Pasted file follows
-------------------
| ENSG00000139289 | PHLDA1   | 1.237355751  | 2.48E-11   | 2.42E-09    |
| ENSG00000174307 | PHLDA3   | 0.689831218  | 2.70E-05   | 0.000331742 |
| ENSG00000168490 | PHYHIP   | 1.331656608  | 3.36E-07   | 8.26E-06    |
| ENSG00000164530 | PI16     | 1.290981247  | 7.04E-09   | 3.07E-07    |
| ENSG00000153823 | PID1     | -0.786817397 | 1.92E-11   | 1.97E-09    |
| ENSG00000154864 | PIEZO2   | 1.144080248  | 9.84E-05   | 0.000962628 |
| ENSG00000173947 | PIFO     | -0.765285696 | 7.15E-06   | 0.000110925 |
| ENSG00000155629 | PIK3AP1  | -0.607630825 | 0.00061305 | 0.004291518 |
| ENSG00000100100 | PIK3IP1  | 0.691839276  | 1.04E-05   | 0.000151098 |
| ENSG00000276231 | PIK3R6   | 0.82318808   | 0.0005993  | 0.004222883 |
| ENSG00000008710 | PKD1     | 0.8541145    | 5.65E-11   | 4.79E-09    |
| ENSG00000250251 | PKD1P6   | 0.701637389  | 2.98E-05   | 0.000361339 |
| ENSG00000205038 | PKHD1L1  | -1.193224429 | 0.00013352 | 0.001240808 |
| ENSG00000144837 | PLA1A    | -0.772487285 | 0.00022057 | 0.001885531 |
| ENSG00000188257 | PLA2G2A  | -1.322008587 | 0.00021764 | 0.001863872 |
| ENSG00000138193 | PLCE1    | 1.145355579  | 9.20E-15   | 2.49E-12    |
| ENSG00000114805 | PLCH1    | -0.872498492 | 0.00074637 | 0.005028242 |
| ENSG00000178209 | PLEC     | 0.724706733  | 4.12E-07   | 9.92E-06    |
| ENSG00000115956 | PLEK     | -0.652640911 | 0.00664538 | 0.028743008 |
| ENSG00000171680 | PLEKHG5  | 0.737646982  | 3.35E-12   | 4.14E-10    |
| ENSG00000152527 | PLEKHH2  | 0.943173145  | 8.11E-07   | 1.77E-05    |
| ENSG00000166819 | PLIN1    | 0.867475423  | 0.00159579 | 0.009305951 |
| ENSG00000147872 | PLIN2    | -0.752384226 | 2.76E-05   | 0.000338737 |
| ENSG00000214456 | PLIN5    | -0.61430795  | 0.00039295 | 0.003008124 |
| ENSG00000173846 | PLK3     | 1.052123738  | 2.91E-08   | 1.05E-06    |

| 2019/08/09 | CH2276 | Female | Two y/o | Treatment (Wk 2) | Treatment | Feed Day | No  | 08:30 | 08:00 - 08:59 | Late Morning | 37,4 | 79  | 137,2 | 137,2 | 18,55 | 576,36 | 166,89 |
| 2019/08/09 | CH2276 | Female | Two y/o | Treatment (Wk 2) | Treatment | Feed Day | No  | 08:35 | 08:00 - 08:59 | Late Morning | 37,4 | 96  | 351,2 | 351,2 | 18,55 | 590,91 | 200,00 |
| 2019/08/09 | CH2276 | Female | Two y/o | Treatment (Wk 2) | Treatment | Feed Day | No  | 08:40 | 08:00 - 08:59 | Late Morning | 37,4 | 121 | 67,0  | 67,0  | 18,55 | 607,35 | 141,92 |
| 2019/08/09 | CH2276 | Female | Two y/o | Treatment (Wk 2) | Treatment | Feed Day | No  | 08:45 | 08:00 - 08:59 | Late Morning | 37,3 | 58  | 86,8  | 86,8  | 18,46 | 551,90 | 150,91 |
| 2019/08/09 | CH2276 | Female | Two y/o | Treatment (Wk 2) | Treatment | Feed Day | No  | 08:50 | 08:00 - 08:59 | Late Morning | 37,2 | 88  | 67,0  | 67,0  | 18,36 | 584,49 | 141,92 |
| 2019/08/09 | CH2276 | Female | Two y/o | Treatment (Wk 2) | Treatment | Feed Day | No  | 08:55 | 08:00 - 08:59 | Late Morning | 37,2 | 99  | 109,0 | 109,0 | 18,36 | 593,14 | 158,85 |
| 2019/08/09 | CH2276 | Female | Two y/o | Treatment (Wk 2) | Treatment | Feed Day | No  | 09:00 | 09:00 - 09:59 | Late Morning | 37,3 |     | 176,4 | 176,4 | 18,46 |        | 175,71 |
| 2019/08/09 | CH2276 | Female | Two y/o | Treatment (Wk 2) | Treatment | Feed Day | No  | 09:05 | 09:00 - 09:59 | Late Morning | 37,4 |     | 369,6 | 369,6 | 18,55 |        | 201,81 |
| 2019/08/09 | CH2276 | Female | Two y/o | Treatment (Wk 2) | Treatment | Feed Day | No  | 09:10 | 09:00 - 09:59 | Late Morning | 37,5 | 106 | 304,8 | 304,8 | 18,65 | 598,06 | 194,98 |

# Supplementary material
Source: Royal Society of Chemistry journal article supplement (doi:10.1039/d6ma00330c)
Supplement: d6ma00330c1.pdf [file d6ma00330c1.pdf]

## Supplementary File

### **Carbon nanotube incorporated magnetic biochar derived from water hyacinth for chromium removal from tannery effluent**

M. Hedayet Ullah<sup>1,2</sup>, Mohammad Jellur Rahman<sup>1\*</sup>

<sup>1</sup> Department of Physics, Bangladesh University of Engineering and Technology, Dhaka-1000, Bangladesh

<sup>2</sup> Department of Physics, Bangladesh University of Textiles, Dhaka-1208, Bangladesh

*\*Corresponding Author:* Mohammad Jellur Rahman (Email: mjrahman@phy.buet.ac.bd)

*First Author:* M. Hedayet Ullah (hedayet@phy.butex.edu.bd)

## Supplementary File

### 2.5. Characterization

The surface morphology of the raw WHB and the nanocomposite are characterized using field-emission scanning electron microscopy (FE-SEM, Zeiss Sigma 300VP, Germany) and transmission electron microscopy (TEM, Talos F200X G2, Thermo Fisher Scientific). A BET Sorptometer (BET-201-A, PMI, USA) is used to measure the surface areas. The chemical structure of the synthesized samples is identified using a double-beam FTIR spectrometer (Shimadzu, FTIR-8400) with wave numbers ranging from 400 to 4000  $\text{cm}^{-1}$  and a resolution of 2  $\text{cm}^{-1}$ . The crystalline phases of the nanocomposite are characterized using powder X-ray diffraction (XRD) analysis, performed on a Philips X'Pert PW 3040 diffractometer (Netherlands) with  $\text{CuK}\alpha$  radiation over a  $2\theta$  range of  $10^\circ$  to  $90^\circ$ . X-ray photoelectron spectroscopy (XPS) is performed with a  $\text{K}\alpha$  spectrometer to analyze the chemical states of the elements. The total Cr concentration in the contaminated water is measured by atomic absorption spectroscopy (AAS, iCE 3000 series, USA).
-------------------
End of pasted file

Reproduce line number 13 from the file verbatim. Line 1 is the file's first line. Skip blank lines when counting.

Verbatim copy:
| ENSG00000205038 | PKHD1L1  | -1.193224429 | 0.00013352 | 0.001240808 |